East Fifth Bliss is one of those books that has you slapping your hand over your eyes because poor ol’ Morris Bliss is such a hapless dumbshit – a lovable, sweet, kind, hapless dumbshit – and you can never be sure as to how far away he is from true disaster and annhilation. As hapless as he is, author Douglas Light is such a fabulous writer that you just can’t help falling in love with Morris and wanting to cheer him on much like the Little Engine That Could. I think I can, I think I can. Pleeease, Morris!
I vividly remember my first read through of E5thBliss because he grabbed me at first page, and I didn’t stop reading until the last page, 66,000 words later. My butt had fallen asleep and my knees were locked in a landing position. But I didn’t care because I had to have this book. This is what nabbed me:
There are two theories.
After brothing up a world with water and soil and fish and plants and beasts that stand on two feet and talk and would eventually want credit cards and cell phones and satellite TV, God dipped his finger in the wetness between New Jersey and Long Island and summoned forth the rock called Manhattan. By doing so, He set in motion His austere plan: one day, there’d be an island replete with towering steel buildings and shabby brick tenements, dying trees, and co-ops with monthly maintenances more than most Americans’ mortgage payments. It’d be a paradise filled with hundreds of concrete parks littered with losing lotto tickets and fried chicken bones. Rats would frolic on doorsteps. Dogs would defecate on the sidewalks. Squirrels would charge at the passing people, having no fear.
His plan called for a place where bulimic make-up salesclerks, who hide their cold sores with dark lipstick, would fit in. Myopic Midwesterners, who swear they’ve read Ulysses when they haven’t, would have a home. The Hasidim would feel comfortable hanging their beaver fur hats there. It’d be a place for all, even Italian restaurateurs who claim that stale toast with a little tomato and a spot of olive oil is bruschetta and charge twelve dollars a plate. Even obese Hispanics in tight stretch pants who wave their nation’s flag while screaming that they’re being stereotyped. All would be welcomed with open arms. All would be embraced. His plan called for an island of everything. An island the world turned to.
The second theory has to do with strange gray and green and purple gases, tiny jumping particles, a spark, and then a Big Bang. Presto! Earth’s formed. Manhattan’s made. Then some slimy being flopped from the waters onto the land, gasped for air, and has since raged for millions of years to become mankind today.
Following either school of thought, this fact stands: Morris Bliss is thirty-five years old. He’s lived his entire life in Apartment 8 in a weathered, red brick tenement on East Fifth Street near the corner of First Avenue. Has lived his entire life with his father.
But Morris has plans, big plans. Life altering plans. He’s starting them today, or this week. This month. He’s starting them very soon.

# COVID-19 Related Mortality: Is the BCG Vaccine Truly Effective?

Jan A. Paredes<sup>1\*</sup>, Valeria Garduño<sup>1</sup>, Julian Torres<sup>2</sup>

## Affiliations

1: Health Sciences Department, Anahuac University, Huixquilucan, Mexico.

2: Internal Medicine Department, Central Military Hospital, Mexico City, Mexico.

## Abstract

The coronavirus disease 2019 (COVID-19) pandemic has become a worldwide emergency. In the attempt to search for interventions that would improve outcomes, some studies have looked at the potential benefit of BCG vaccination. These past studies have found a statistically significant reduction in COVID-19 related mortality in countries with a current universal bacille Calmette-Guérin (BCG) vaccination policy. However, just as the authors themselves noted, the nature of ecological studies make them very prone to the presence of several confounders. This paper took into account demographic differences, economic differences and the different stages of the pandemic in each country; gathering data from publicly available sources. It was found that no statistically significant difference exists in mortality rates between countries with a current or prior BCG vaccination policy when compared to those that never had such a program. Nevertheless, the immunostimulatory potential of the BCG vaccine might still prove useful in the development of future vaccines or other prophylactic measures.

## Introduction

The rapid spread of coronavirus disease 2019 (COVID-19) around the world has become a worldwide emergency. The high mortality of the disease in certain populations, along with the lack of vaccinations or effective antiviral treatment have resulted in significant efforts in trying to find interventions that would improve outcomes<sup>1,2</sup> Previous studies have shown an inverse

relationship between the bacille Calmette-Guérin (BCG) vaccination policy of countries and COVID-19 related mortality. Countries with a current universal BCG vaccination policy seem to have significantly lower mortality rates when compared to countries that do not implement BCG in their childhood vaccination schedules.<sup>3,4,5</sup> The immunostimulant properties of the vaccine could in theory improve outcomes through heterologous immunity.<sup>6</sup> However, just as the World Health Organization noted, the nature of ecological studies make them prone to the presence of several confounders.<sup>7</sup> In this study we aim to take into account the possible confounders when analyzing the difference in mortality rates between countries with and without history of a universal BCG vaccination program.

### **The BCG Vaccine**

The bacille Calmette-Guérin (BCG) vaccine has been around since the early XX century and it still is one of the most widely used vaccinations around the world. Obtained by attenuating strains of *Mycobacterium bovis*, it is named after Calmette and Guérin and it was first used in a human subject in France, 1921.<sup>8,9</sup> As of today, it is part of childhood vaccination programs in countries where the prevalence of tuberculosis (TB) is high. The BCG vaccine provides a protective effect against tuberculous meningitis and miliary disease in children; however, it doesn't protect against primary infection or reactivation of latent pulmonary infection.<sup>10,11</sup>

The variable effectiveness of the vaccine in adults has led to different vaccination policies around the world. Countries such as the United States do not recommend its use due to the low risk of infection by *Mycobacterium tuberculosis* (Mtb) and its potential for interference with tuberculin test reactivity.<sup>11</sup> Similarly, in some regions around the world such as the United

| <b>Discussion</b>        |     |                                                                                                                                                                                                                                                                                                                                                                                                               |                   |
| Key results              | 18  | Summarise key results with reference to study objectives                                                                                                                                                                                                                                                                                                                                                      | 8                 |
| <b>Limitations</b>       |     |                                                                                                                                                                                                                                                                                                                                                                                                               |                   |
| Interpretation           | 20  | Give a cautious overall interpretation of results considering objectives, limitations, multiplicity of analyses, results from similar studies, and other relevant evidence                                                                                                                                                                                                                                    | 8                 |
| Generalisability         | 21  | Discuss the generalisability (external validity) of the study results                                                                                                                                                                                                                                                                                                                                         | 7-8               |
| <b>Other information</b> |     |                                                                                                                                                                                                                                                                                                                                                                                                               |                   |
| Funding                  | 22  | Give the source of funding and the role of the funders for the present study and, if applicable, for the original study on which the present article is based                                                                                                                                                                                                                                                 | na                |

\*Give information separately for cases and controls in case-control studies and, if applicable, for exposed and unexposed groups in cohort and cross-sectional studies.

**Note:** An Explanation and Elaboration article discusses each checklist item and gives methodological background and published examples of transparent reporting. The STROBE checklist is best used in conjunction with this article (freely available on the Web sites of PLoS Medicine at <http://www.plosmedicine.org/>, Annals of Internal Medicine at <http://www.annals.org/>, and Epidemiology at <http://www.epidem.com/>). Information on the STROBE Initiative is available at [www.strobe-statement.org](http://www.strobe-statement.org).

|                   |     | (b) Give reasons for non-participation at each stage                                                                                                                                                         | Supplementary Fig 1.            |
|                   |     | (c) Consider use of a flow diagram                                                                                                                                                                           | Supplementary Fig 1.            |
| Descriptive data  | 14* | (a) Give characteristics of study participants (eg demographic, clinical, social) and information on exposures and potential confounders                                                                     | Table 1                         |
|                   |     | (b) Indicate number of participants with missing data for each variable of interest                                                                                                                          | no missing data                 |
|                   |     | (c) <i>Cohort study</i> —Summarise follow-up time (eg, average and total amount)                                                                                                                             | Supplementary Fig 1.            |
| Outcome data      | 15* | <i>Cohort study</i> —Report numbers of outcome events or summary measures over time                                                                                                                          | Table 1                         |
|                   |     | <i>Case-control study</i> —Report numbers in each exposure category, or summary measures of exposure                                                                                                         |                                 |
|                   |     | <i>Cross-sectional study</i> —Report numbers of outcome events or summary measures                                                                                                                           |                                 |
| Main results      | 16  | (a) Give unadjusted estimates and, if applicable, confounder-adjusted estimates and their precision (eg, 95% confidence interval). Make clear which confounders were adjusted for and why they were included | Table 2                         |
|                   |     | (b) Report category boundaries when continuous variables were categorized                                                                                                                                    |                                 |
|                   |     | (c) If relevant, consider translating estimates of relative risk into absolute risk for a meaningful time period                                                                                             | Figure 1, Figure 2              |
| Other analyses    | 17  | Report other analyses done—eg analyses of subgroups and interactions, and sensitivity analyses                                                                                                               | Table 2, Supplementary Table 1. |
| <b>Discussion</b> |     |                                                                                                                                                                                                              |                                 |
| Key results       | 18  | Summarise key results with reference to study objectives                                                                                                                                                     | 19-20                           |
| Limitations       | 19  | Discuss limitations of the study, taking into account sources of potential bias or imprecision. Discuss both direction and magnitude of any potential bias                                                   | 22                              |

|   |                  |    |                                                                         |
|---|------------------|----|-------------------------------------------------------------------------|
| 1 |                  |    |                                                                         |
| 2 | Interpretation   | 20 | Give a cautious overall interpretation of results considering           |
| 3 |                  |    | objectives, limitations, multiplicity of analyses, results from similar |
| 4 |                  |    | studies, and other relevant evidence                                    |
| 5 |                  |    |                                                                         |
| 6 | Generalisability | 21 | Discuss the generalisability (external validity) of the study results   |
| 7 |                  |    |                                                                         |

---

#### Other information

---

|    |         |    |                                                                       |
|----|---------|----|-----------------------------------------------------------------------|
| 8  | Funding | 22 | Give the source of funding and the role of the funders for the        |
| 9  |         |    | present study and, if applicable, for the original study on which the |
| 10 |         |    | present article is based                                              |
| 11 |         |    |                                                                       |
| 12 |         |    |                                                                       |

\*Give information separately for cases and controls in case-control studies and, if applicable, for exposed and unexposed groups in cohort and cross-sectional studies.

Morris Bliss has never left home.
See? Hooked. I love the voice – unusual with its present tense. But Doug pulled it off quite nicely, and I felt as though Morris’ life was unfolding in real time right before my eyes. I spent half my time holding my breath and the other reading through the fingers covering my eyes.
We all procrastinate, right? We get caught up in the inertia of everyday – so much so that we find ourselves saying, “One day I’m gonna write that book” or “I’m gonna lose ten pounds,” but we never do it. Well Morris Bliss takes the idea of procrastination to new levels when his life turns into a complete nightmare. He’s dating his boss’ eighteen year-old daughter, who would kill Morris if he found out. His best friend, RJ, is an affable whack job is who recruited by the Red Thread, an international cartel that controls global economics and local sex market, and it falls to Morris to help save RJ’s miserable hide and, with lovely symmetry, himself.
It boasts one of the sweetest endings I’ve read in a long time, and it just made me all glowy and gooey for days afterward. The added benefit of buying this book was to work with Doug Light, one of the nicest and talented writers floating around that rock of Manhattan. I couldn’t have been happier when East Fifth Bliss took the gold medal at the Ben Franklin Book Awards at New York’s Book Expo America in the Popular Fiction category – unquestionably the toughest and Grand Poohba of all categories.
I love Library Journal’s sentiments:
“This fun read boasts a likable protagonist, other quirky and interesting characters, and vivid and humorous descriptions of New York while also providing some significant social commentary. The scene in which Morris and a former high school classmate (and father of the 18-year-old girl with whom Morris is sleeping) storm a vacant building in the middle of the night to roust out a group of homeless squatters is both funny and disturbing. Recommended for large public libraries with an interest in new and unknown authors.”
If you’re looking for a fun, easy read and are in the mood to laugh your butt off while biting your tongue, you won’t do any better than East Fifth Bliss. Great job, Doug. You so rock!
You can read the first two chapters here.